Background: The microbiota-dependent metabolite trimethylamine-N-oxide (TMAO) has been reported as a novel and independent risk factor for the development of cardiovascular and metabolic diseases, but the association with gestational diabetes mellitus (GDM) remains unclear.
Objective: The aim of this study was to investigate the association between plasma TMAO concentration and GDM in a 2-phase study.
Design: A 2-phase design was used in the current study. An initial phase included 866 participants (433 GDM cases and 433 matched controls) with fasting blood samples collected at the time of GDM screening (24-32 wk of gestation). An independent-phase study, with 276 GDM cases and 552 matched controls who provided fasting blood samples before 20 wk of gestation and who had GDM screened during 24-32 wk of gestation, was nested within a prospective cohort study. These 2 studies were both conducted in Wuhan, China, and the incidence of GDM in the cohort study was 10.8%. Plasma TMAO concentrations were determined by stable isotope dilution liquid chromatography-tandem mass spectrometry. GDM was diagnosed according to the American Diabetes Association criteria by using an oral-glucose-tolerance test.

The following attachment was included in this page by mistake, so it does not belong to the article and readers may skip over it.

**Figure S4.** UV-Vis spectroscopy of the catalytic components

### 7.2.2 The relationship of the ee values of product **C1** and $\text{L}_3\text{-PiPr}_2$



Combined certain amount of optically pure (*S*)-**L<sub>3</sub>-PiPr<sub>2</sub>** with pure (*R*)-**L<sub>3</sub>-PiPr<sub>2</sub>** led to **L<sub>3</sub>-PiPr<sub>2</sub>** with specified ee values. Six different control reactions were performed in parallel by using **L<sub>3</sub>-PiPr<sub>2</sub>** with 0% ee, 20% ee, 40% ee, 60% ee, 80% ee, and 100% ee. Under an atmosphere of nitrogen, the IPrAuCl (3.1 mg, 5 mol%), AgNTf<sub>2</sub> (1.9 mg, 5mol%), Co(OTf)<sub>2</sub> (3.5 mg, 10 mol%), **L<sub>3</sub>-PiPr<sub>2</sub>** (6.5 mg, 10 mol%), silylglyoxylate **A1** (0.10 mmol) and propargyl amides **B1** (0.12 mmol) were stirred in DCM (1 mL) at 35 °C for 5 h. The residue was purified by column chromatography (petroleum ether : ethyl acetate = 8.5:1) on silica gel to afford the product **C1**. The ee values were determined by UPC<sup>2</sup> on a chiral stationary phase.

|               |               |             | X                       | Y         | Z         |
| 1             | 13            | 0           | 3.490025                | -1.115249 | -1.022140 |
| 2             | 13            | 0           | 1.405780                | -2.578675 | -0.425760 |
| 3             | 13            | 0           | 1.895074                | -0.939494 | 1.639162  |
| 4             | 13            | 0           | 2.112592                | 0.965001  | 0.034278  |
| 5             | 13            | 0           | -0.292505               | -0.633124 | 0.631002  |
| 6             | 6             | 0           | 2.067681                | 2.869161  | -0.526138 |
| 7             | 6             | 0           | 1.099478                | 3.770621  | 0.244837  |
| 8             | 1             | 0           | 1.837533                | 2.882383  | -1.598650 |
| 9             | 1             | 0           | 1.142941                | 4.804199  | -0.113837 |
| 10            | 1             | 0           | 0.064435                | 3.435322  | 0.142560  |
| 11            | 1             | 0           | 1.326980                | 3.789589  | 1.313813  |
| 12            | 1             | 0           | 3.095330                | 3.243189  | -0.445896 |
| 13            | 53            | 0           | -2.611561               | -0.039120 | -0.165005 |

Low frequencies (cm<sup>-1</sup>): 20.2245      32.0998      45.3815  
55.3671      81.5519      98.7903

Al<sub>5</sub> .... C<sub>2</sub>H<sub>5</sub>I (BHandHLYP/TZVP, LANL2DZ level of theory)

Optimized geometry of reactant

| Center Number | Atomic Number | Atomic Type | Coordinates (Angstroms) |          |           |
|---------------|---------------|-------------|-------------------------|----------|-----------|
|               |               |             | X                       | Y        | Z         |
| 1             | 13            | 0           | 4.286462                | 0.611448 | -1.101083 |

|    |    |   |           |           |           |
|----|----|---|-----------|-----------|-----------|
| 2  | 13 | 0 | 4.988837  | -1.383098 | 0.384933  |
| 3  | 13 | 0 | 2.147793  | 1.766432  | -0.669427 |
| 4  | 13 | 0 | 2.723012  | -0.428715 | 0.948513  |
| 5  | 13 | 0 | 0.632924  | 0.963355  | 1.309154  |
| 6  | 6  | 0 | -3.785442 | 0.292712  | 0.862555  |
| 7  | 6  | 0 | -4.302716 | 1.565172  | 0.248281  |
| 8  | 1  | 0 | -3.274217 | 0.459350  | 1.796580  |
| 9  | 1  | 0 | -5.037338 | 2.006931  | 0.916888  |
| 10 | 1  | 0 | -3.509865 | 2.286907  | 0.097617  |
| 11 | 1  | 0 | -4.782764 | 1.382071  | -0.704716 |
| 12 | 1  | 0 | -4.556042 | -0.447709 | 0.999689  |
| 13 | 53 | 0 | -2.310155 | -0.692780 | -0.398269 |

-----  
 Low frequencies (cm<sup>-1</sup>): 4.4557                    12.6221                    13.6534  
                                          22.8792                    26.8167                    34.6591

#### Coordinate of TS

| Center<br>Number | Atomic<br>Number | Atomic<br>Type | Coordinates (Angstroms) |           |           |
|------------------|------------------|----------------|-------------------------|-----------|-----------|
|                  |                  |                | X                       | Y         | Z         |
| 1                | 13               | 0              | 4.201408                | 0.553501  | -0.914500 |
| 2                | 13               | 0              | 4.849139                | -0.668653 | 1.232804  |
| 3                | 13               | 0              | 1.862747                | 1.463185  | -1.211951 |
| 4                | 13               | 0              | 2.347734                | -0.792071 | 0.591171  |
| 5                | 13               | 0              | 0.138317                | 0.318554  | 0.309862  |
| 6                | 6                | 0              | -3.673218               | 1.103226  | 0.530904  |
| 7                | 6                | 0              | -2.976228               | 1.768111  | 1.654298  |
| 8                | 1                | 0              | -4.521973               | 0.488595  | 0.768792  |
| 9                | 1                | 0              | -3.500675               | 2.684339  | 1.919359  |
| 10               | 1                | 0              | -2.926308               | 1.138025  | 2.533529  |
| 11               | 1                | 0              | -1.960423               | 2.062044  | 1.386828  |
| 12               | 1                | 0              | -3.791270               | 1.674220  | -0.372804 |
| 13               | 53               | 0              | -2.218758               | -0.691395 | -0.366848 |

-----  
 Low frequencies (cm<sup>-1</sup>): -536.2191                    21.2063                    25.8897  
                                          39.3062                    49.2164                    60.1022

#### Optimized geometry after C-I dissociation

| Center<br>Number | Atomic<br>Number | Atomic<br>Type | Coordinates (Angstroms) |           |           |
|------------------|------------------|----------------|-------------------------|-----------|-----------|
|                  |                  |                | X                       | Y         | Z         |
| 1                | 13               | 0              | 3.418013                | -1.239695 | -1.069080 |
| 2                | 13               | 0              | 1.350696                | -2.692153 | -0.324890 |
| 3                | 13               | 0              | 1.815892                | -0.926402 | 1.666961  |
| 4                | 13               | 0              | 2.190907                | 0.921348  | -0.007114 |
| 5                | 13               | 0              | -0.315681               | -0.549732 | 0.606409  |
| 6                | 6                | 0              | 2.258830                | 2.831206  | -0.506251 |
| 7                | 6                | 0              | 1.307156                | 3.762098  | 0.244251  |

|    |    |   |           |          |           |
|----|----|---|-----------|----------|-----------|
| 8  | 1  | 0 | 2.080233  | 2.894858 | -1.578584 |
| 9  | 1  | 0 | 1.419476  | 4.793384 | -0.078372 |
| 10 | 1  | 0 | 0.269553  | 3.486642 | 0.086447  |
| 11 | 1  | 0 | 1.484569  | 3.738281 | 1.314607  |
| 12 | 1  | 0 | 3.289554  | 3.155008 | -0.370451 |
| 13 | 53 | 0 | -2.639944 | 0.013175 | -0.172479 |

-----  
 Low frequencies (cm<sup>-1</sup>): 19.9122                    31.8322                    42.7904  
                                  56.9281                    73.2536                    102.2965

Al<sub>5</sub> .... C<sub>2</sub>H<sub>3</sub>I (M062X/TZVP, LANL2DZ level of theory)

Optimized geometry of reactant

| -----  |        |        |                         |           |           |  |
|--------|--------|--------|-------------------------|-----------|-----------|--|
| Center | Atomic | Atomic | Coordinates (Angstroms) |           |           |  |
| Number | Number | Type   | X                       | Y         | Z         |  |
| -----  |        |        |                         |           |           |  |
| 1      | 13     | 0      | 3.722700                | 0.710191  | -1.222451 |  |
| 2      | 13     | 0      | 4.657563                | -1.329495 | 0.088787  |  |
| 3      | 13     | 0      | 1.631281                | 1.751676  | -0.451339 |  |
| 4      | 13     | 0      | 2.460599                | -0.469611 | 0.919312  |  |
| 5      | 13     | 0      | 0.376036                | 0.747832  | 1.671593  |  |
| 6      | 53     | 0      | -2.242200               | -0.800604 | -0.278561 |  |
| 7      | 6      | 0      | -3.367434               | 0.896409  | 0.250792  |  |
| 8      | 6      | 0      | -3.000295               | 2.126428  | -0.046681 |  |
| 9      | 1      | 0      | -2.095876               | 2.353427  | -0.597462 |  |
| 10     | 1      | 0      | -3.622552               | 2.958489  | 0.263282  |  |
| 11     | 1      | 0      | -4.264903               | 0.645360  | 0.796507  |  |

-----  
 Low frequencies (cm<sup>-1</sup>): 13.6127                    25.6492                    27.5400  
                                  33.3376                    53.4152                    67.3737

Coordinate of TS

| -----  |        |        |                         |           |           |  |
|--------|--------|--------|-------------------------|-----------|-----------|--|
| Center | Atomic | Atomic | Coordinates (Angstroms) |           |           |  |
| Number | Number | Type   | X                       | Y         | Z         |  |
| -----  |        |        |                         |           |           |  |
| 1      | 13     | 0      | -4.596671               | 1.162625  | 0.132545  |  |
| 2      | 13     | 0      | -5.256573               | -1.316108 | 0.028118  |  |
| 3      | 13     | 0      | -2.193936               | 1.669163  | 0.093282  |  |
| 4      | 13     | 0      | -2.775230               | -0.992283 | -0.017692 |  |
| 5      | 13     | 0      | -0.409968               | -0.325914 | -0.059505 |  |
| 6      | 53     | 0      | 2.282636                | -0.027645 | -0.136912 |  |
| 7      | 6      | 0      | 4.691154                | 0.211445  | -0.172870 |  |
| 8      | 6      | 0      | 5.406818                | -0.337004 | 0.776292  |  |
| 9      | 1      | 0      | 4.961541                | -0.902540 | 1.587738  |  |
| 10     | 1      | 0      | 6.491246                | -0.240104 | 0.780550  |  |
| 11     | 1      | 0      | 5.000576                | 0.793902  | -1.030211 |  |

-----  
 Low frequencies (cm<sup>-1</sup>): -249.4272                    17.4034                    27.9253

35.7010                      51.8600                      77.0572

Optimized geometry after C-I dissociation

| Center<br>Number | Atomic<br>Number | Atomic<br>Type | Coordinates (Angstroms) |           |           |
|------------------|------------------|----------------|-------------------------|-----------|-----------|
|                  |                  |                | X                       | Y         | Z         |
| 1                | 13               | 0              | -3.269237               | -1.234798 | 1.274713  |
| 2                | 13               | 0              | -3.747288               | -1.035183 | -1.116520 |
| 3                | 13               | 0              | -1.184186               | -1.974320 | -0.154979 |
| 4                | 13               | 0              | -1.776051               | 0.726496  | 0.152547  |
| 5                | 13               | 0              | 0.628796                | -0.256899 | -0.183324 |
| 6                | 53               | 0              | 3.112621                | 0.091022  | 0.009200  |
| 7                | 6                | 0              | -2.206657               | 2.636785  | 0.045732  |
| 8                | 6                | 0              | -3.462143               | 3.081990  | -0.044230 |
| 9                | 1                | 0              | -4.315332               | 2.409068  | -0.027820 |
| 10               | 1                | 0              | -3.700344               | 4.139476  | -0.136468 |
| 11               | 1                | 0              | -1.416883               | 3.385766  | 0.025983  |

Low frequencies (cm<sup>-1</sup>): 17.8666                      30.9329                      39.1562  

Results: In the initial case-control study, the adjusted OR of GDM comparing the highest TMAO quartile with the lowest quartile was 1.94 (95% CI: 1.28, 2.93). Each SD increment of ln-transformed plasma TMAO was associated with 22% (95% CI: 5%, 41%) higher odds of GDM. In the nested case-control study, women in the highest quartile also had increased odds of GDM (adjusted OR: 2.06; 95% CI: 1.28, 3.31) compared with women in the lowest quartile, and the adjusted OR for GDM per SD increment of ln-transformed plasma TMAO was 1.26 (95% CI: 1.08, 1.47).
Conclusions: Consistent findings from this 2-phase study indicate a positive association between plasma TMAO concentrations and GDM. Future studies are warranted to elucidate the underlying mechanisms. This trial was registered at www.clinicaltrials.gov as NCT03415295.